কলকাতা ফ্রি স্কুল সোসাইটি ভবন, লালদীঘি, ১৭৮৯
“On the 21st day of December, 1789, a society was formed in Calcutta, for the purpose of providing the means of education for all children, orphans, and others, not object of the care of the (Military) Orphan Society. The management of this new society was confided, under the patronage of the Governor-general, to twelve governors, viz., the chaplains, churchwardens. Sidemen, and six other gentlemen resident in Calcutta chosen by the subscribers. The governors visit the school in rotation, and meet monthly. The funds were to be raised by a ratable contribution from the civil servants of the Company, and such other contributions as might be procurable: the superintending masters and teachers, male and female, to be elected by the governors: the plan of education to be that usually followed in free schools : the children to be recommended by the subscribers.
As the benefits of the school were designed to be extensively enjoyed, the Governor-generalin Council, at the request of the governors, undertook to communicate the plan and objects of the plan throught the Bengal provinces, and to the governors of Chinsurah and Chandernagore, It was also ordered that the Company’s surgeons should attend the school, whenever it would be necessary, gratuitously; and that such medicines as might be required should be furnished, gratis from the Company’s dispensary. In further promotion of the objects of the institution, the Government consented to allow the sum of Rs. 60 per mensem, for the purpose of employing moonshees, capable of teaching the native languages to the children.” See More
With the change of socio-political scenario and due the growing influences of the orientalist movement, the policy guidelines of the Calcutta School Society raised a serious question as to the extent of benefits it provides to the indigenous people. The Society’s policy was a reflection of the mood of the then Government of India. The Court of Directors also did not encourage the Government of India to do anything for the diffusion of education among the inhabitants. The Marques of Hastings was Governor-General of India when the Charter of the East India Company was renewed in 1813. In their letter to the Governor-General in Council of Bengal, dated 3rd June 1814, the Court of Directors wrote :— “The Clause presents two distinct propositions for consideration ; first, the encouragement of the learned natives of India, and the revival and improvement of literature ; secondly, the promotion of a knowledge of the sciences amongst the inhabitants of that country. “Neither of these objects is, we apprehend, to be obtained through the medium of public colleges, if established under the rules, and upon a plan similar to those that have been founded at our Universities, because the natives of caste and of reputation will not submit to the subordination and discipline of a college. So the Indian Government did not take the initiative in the matter of the education of the people of this country. It was the people themselves who had to take the initiative and to do the needful. See More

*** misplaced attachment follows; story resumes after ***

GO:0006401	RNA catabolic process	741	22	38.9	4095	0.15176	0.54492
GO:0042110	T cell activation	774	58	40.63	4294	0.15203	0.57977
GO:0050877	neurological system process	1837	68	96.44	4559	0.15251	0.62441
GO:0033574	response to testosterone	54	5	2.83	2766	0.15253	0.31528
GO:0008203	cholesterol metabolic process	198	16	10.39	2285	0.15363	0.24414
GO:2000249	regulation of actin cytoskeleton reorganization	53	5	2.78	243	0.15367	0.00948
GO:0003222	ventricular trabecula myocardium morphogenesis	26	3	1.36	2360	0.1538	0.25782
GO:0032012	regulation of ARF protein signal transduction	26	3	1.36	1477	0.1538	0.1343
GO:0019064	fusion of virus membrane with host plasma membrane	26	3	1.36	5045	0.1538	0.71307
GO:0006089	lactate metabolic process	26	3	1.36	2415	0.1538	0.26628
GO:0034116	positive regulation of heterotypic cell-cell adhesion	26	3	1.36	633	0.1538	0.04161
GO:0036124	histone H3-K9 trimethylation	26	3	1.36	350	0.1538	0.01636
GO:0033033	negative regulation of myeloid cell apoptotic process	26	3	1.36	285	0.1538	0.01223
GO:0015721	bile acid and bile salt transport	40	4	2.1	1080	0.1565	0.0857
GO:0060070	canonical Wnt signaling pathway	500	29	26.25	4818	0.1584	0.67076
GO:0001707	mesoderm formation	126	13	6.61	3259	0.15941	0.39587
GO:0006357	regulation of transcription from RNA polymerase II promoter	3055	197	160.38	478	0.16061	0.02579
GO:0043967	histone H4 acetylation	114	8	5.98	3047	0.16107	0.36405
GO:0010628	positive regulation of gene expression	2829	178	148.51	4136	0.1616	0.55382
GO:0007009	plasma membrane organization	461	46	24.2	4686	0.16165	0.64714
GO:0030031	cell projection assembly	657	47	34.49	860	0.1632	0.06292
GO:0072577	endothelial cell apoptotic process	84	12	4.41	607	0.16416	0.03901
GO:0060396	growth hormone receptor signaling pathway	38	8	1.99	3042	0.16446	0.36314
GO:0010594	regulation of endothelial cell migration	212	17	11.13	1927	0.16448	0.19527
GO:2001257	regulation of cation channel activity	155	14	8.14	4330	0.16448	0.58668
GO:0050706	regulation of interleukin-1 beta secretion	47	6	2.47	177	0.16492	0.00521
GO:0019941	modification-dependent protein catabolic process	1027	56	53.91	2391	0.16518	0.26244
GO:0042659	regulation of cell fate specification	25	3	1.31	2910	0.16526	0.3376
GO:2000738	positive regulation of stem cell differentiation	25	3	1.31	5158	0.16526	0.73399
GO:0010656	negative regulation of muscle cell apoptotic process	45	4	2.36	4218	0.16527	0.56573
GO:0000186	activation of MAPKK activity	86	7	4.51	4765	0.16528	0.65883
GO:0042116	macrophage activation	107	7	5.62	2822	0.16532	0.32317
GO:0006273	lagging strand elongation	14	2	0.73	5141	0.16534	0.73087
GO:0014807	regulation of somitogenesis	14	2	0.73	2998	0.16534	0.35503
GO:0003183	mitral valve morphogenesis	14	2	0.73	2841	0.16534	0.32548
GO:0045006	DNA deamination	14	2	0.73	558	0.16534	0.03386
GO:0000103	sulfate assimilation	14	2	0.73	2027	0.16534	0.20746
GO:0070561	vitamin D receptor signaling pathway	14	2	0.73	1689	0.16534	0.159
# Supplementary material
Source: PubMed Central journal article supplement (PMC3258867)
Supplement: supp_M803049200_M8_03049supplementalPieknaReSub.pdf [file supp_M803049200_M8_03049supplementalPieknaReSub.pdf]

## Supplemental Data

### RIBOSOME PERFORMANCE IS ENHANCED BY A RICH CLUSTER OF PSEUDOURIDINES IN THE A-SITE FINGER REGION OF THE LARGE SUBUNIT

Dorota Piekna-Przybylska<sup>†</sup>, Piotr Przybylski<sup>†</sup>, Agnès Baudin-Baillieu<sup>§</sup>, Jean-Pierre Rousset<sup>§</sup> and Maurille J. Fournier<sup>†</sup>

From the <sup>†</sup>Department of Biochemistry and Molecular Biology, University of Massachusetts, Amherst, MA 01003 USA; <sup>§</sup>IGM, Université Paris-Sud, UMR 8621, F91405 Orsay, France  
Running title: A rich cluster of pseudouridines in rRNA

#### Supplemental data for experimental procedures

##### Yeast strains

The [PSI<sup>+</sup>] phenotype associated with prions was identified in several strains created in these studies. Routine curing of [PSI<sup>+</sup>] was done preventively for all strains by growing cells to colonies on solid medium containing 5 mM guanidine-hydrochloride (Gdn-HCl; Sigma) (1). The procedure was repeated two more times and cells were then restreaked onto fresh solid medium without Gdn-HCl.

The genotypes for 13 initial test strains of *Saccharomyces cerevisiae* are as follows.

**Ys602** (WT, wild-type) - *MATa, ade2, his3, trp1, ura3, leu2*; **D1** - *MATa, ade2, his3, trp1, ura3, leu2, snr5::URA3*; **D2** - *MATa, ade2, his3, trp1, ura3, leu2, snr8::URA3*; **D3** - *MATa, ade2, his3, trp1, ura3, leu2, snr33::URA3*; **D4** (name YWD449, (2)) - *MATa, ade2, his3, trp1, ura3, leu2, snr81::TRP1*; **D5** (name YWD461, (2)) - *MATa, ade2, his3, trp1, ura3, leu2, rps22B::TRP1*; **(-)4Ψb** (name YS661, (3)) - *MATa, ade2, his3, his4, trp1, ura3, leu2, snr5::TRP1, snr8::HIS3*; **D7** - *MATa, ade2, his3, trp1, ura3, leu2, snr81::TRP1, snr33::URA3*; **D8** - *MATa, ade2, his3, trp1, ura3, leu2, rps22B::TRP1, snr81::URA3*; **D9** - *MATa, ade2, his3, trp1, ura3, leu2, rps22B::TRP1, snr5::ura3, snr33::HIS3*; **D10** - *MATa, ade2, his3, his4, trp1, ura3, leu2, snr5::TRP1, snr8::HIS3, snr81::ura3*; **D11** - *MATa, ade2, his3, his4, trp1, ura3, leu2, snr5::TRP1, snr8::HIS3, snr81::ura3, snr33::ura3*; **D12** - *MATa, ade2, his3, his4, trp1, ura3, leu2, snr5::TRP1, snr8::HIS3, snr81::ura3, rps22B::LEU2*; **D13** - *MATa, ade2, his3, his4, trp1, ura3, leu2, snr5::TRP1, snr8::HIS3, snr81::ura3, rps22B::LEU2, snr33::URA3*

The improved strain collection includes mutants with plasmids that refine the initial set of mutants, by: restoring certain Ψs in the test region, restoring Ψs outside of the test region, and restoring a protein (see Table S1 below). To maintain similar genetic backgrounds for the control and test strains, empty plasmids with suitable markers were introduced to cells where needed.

The featured picture above represents the view of the Old Court House inside Fort William, Calcutta – the first fortress built by the British after their establishment in Bengal. Though this building is commonly known as the Old Court House, it actually did belong to the Charity School, where the old Court, and also the Town Hall were mere impermanent occupants.
The painting is one of the ’24 Views in Indostan(sic)’ composed by WilliamOrme based on a work by Francis Swine Ward (1736-94).